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Deadly Maryland fire reminds us that DC doesn’t do automatic mutual aid

DC engine & truck closest to Montgomery County fire not initially dispatched

Fire Wednesday morning in the 4900 block of Western Avenue

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A question for everyone. If it’s your family trapped in a fire, or someone you love in cardiac arrest, do you want the closest firefighters and medics to respond or would you rather wait for ones further away?

It’s a question I’ve brought up many times before in this forum. An incident this (Wednesday) morning reminds me I need to bring it up again.

Two people died early today in a house fire in the 4900 block of Western Avenue on the Maryland side of the Montgomery County-Washington, DC border. When Montgomery County 911 dispatched the call, they didn’t alert the closest engine and truck company. That’s because the 911 center isn’t allowed to make that call. That’s because, unlike every other jurisdiction in the DC region, inside and outside the Beltway and all the way out to the far exurbs, the District of Columbia doesn’t do automatic mutual aid. If the fire was on any of Montgomery’s borders with five other counties, the closest firefighters would have been dispatched, border be damned.

No one can say that it would have made a difference for the two victims of this fire. But what we can say is the same message the chiefs of DC, Montgomery County and every other fire department in the U.S. usually tell us, “Every second counts in an emergency.” In this case, Engine 20 and Truck 12 from Tenleytown, DC are approximately 1.2 miles from the 4900 block of Western Avenue. The closest Montgomery County engine at Glen Echo is about 2.1 miles away from the address. The closest Montgomery County truck company in Bethesda is about 2.5 miles from the address.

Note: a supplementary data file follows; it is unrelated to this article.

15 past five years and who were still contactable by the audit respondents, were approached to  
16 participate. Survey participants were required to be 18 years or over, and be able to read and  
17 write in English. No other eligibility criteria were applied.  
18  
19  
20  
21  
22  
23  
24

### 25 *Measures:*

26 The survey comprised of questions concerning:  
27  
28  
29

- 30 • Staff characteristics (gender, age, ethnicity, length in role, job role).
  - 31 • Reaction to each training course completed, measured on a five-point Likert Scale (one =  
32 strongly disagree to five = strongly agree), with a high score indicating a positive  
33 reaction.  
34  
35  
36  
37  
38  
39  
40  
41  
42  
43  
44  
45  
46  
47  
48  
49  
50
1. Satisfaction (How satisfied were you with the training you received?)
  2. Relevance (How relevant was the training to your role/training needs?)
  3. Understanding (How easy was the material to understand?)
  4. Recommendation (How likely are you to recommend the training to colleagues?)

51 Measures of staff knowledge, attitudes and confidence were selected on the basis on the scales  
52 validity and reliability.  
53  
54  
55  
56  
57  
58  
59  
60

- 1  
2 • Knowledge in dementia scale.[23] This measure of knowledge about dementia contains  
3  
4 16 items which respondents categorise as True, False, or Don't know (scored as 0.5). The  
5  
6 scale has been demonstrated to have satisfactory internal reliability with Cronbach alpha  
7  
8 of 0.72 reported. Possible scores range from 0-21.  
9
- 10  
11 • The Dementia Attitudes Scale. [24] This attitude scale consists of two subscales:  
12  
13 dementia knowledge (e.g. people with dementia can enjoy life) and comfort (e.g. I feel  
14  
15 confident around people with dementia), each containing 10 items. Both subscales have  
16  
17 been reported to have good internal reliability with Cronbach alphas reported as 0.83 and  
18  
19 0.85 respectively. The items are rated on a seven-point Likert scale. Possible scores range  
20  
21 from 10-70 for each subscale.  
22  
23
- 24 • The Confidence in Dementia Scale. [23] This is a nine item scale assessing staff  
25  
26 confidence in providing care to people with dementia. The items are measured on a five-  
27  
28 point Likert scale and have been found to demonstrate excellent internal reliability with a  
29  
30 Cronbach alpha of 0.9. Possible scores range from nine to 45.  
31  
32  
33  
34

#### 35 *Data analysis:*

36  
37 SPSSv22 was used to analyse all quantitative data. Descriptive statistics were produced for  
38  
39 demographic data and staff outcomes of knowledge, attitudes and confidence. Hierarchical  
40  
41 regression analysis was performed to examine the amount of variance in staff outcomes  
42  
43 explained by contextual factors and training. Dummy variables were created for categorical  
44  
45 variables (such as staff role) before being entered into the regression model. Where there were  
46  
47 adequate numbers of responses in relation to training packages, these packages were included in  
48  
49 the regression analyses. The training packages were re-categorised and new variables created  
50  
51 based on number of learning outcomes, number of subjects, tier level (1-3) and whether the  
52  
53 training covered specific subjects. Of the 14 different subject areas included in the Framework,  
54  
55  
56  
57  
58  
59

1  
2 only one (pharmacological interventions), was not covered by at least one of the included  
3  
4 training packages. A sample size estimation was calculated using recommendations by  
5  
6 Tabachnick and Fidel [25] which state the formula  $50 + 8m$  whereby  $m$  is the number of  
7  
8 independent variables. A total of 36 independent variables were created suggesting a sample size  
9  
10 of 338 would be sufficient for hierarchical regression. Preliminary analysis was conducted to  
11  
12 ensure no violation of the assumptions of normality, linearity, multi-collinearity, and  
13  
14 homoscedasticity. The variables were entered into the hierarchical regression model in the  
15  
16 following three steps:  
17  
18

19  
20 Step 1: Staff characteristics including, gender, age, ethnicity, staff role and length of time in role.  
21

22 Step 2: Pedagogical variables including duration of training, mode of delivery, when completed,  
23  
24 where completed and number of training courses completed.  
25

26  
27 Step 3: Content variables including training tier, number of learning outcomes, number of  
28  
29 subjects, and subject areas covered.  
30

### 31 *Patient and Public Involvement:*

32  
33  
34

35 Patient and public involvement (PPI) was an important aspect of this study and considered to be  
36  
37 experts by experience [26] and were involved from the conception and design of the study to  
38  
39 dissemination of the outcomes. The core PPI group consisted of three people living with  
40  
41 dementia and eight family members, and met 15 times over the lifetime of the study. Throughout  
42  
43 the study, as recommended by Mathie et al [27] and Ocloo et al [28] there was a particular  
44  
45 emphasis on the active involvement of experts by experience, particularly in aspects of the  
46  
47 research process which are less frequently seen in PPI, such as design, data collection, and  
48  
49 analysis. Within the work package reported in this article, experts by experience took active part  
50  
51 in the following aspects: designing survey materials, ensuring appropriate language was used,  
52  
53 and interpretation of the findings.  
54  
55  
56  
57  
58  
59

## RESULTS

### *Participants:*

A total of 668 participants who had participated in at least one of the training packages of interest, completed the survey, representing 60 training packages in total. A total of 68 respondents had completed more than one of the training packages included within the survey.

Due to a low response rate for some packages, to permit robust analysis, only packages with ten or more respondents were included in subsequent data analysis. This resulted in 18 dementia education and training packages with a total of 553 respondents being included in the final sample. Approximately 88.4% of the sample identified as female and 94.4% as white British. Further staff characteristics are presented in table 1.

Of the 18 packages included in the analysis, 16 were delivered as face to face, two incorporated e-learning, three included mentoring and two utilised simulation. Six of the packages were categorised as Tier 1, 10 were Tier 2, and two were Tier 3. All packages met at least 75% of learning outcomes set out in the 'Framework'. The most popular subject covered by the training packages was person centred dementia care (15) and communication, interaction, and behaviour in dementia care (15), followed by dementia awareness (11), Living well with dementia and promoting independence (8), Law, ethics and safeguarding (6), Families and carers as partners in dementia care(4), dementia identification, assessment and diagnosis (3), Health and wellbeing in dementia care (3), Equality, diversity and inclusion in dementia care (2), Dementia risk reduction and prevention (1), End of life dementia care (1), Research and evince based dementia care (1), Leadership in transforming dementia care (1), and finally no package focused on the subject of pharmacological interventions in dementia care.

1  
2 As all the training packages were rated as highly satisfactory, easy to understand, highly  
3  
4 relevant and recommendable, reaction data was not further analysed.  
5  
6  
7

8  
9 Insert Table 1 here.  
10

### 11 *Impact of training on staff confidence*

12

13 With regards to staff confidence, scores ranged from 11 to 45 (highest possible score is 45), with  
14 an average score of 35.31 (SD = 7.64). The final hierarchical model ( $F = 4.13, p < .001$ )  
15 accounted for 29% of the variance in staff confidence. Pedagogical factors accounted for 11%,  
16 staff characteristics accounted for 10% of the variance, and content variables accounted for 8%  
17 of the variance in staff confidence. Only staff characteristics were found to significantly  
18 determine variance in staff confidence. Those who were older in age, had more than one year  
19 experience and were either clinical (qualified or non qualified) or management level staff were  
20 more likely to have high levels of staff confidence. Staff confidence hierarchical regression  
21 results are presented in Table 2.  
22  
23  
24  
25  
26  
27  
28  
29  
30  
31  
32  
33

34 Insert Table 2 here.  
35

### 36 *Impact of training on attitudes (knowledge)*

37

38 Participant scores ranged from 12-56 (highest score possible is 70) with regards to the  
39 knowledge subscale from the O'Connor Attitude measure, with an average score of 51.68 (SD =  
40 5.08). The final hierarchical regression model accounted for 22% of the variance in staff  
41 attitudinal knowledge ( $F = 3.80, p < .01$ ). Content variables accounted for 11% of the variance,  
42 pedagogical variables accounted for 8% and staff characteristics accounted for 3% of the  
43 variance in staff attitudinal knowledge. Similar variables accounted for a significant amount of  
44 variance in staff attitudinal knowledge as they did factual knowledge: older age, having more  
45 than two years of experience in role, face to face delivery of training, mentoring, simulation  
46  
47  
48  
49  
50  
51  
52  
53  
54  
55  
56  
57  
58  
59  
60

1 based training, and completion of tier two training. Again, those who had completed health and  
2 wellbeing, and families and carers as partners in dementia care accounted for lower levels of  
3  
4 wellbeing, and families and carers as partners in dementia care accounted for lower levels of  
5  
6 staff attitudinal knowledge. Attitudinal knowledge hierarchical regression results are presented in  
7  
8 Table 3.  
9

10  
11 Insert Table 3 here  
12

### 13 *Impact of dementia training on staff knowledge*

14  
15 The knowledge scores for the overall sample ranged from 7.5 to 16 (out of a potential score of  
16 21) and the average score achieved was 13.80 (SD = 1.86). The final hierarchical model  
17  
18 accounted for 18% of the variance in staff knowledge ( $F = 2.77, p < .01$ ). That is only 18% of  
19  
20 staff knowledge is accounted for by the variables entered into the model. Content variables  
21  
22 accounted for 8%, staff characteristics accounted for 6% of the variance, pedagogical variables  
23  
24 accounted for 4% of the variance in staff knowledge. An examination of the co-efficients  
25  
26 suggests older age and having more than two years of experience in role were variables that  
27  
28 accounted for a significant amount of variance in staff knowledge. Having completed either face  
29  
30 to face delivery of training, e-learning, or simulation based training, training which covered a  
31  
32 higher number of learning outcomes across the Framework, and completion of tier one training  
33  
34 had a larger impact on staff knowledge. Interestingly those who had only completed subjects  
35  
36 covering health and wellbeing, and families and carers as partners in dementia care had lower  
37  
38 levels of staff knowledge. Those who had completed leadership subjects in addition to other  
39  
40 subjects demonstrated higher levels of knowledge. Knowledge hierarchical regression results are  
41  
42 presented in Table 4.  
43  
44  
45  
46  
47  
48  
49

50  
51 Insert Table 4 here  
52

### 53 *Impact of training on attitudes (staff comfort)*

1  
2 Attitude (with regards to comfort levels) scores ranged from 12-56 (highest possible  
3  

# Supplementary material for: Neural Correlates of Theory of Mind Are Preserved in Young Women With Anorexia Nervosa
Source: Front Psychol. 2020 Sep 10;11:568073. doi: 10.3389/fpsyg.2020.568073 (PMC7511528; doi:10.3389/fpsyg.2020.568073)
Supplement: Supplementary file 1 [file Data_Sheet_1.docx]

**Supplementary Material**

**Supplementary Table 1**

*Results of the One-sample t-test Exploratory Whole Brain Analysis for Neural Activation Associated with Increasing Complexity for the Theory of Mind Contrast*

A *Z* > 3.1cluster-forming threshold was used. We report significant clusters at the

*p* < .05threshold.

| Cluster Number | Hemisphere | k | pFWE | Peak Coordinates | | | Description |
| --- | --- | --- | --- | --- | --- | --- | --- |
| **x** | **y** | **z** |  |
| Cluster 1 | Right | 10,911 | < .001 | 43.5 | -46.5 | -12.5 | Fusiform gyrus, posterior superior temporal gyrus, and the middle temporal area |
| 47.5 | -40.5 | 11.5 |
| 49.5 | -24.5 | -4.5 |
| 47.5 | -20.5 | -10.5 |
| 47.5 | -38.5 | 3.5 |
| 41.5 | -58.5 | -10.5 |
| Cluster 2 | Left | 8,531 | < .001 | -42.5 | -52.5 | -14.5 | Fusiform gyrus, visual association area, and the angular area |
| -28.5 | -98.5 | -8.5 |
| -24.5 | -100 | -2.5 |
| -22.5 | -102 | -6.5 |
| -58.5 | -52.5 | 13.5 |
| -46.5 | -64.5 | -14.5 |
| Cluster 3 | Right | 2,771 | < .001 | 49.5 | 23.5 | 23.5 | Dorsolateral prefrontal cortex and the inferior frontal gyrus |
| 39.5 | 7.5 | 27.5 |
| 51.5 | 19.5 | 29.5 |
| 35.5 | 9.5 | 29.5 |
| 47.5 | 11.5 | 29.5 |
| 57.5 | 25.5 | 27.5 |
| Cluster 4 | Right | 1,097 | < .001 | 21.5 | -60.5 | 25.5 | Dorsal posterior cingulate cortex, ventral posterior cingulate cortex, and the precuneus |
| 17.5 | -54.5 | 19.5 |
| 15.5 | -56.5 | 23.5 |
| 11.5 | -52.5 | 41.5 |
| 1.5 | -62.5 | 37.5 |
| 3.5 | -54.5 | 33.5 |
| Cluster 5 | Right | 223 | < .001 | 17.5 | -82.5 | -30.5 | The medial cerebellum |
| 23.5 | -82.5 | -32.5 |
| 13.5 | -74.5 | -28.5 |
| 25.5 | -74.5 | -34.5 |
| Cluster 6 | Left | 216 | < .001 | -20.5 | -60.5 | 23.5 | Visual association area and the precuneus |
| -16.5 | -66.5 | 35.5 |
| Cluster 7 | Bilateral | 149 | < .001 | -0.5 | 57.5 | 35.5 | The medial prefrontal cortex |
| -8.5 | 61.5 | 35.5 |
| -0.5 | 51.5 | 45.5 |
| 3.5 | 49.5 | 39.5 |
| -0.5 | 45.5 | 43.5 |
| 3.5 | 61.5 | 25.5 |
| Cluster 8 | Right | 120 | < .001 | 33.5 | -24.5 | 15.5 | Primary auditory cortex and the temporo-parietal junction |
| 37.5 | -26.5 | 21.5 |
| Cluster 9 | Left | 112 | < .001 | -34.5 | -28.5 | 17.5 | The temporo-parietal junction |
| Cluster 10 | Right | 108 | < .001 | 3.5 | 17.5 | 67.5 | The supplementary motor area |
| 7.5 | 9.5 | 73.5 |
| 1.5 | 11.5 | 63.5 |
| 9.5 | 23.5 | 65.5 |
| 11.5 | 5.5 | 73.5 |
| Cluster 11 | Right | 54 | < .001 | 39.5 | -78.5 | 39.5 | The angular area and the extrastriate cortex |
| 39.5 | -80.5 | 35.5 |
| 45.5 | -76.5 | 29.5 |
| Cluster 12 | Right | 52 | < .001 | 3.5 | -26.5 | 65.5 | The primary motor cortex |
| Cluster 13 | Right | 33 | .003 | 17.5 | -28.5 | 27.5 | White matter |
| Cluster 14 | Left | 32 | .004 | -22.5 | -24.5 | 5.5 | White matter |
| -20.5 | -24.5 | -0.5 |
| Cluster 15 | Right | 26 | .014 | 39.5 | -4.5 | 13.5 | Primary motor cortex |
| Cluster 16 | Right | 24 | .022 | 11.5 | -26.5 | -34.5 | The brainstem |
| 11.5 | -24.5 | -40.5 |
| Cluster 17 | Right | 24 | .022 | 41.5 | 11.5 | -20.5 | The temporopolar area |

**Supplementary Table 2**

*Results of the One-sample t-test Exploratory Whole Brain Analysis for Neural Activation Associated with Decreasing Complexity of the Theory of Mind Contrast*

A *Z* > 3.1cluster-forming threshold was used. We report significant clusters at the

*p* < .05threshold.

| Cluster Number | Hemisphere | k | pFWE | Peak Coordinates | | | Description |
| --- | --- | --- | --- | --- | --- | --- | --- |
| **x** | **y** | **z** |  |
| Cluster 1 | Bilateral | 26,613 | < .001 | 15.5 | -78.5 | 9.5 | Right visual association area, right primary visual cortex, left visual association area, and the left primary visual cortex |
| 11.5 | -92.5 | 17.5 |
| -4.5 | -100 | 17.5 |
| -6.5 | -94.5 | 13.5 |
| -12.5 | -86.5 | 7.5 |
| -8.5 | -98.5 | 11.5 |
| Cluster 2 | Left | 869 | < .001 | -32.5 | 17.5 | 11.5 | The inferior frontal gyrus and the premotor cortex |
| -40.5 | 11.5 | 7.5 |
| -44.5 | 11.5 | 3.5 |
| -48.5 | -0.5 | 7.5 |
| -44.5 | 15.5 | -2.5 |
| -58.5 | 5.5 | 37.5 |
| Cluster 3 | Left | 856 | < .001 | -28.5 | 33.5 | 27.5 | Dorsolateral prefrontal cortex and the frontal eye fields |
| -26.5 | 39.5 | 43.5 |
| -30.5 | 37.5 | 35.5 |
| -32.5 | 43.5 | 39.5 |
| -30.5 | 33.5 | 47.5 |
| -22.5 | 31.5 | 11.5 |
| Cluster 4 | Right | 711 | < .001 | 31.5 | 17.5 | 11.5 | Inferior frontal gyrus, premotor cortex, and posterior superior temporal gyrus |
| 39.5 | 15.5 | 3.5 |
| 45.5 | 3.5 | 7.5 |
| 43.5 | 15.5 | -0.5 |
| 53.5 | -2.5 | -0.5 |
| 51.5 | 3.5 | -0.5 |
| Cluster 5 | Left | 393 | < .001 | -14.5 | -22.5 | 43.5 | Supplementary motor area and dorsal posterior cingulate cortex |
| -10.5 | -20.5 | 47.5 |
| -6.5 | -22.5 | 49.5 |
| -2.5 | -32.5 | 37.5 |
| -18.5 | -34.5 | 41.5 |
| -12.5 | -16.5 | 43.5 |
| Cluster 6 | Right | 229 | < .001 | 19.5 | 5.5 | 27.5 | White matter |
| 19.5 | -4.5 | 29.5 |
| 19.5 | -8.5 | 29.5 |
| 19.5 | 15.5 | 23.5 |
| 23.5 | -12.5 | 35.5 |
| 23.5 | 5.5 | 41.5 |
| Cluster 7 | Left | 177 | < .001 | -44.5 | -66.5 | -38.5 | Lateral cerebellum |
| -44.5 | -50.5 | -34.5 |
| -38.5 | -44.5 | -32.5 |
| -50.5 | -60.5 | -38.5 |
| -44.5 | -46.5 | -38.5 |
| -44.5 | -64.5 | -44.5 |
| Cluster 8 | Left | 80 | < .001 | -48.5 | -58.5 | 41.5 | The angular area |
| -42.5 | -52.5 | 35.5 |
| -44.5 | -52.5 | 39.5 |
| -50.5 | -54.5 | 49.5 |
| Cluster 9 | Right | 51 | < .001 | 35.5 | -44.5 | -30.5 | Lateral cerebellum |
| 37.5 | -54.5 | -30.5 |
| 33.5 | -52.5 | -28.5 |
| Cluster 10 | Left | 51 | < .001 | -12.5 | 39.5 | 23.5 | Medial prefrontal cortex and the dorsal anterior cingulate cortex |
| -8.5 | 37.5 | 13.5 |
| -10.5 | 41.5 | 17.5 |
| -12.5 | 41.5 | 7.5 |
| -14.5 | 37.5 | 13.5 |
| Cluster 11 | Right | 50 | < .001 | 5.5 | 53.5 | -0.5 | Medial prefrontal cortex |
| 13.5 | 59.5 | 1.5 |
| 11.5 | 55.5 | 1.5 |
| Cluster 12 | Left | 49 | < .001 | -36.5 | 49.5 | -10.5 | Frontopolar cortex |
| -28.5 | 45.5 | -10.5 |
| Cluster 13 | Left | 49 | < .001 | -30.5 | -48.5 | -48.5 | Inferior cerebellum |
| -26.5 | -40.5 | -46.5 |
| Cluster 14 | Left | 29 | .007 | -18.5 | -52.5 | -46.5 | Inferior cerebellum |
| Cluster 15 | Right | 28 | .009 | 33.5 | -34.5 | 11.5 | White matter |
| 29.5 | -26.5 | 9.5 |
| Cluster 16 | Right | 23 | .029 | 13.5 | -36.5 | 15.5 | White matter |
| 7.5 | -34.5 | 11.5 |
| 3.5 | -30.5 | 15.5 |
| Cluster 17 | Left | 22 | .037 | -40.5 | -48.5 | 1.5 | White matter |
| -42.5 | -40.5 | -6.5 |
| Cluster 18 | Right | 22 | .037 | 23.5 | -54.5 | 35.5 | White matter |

For the record, because DC 911 received some calls about the fire on the border a minutes after Montgomery County was alerted, a box alarm assignment from DC Fire and EMS Department was sent to the address. When they arrived it was well after the first Montgomery County firefighters and were not used. Also, for the record, all of the jurisdictions surrounding DC have a mutual aid agreement with the DC Fire & EMS Department. It’s used when there is a large, multi-alarm fire, high call volume or a large number of fire or EMS units out of service. But there’s no automatic mutual aid with DC.

The most likely chance of saving someone’s life, whether it’s a fire or EMS call, is in the earliest stages of an emergency. It’s when those precious seconds count. Automatic mutual aid is not a new concept in the Washington area. For example, the fire chiefs in Fairfax County, Arlington County and Alexandria City erased its borders in 1974 with their innovative Northern Virginia Regional Response Agreement or NOVA.

It’s 2018. It’s well past time to change this. It may not have made any difference in this morning’s emergency, but we are lying to ourselves if we can’t admit there likely have been many cases through the years where automatically sending the closest fire and EMS units to an emergency on either side of the Nation’s Capital’s border would have saved a life. And there will be many, many more such cases.

I have a great deal of admiration for the leaders of the fire departments in this region. There’s not a better time or a better group of people to make this happen. Just keep asking yourselves the question I asked earlier, “If it’s your family trapped in a fire, or someone you love in cardiac arrest, do you want the closest firefighters and medics to respond or would you rather wait for ones further away?”

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